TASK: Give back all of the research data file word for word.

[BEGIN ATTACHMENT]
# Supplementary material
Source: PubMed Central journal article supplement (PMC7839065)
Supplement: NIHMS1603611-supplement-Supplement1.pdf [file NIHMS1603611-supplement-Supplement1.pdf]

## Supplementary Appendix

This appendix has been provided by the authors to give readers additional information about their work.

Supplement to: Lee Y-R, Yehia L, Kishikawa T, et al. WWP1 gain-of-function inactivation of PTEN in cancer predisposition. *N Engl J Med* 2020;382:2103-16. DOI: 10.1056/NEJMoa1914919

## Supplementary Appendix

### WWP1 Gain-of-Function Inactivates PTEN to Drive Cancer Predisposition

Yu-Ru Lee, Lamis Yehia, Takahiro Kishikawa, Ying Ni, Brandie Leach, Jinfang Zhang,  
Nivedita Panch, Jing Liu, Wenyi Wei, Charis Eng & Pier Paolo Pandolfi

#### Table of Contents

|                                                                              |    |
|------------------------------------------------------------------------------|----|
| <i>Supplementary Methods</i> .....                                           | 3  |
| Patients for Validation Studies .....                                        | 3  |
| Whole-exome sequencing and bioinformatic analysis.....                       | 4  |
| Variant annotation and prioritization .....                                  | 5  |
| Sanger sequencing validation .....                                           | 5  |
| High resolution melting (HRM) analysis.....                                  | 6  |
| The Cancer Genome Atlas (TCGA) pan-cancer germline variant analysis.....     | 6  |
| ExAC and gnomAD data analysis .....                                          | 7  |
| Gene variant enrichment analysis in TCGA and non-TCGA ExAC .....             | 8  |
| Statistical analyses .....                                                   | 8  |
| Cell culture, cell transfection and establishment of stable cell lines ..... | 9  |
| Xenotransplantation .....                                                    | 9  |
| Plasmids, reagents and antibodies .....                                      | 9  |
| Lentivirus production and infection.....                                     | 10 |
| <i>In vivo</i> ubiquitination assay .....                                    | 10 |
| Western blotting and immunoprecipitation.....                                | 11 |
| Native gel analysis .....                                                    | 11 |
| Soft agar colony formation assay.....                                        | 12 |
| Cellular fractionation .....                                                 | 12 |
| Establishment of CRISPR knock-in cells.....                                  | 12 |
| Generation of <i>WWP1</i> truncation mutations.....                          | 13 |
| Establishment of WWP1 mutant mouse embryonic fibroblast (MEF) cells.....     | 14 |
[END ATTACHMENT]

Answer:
# Supplementary material
Source: PubMed Central journal article supplement (PMC7839065)
Supplement: NIHMS1603611-supplement-Supplement1.pdf [file NIHMS1603611-supplement-Supplement1.pdf]

## Supplementary Appendix

This appendix has been provided by the authors to give readers additional information about their work.

Supplement to: Lee Y-R, Yehia L, Kishikawa T, et al. WWP1 gain-of-function inactivation of PTEN in cancer predisposition. *N Engl J Med* 2020;382:2103-16. DOI: 10.1056/NEJMoa1914919

## Supplementary Appendix

### WWP1 Gain-of-Function Inactivates PTEN to Drive Cancer Predisposition

Yu-Ru Lee, Lamis Yehia, Takahiro Kishikawa, Ying Ni, Brandie Leach, Jinfang Zhang,  
Nivedita Panch, Jing Liu, Wenyi Wei, Charis Eng & Pier Paolo Pandolfi

#### Table of Contents

|                                                                              |    |
|------------------------------------------------------------------------------|----|
| <i>Supplementary Methods</i> .....                                           | 3  |
| Patients for Validation Studies .....                                        | 3  |
| Whole-exome sequencing and bioinformatic analysis.....                       | 4  |
| Variant annotation and prioritization .....                                  | 5  |
| Sanger sequencing validation .....                                           | 5  |
| High resolution melting (HRM) analysis.....                                  | 6  |
| The Cancer Genome Atlas (TCGA) pan-cancer germline variant analysis.....     | 6  |
| ExAC and gnomAD data analysis .....                                          | 7  |
| Gene variant enrichment analysis in TCGA and non-TCGA ExAC .....             | 8  |
| Statistical analyses .....                                                   | 8  |
| Cell culture, cell transfection and establishment of stable cell lines ..... | 9  |
| Xenotransplantation .....                                                    | 9  |
| Plasmids, reagents and antibodies .....                                      | 9  |
| Lentivirus production and infection.....                                     | 10 |
| <i>In vivo</i> ubiquitination assay .....                                    | 10 |
| Western blotting and immunoprecipitation.....                                | 11 |
| Native gel analysis .....                                                    | 11 |
| Soft agar colony formation assay.....                                        | 12 |
| Cellular fractionation .....                                                 | 12 |
| Establishment of CRISPR knock-in cells.....                                  | 12 |
| Generation of <i>WWP1</i> truncation mutations.....                          | 13 |
| Establishment of WWP1 mutant mouse embryonic fibroblast (MEF) cells.....     | 14 |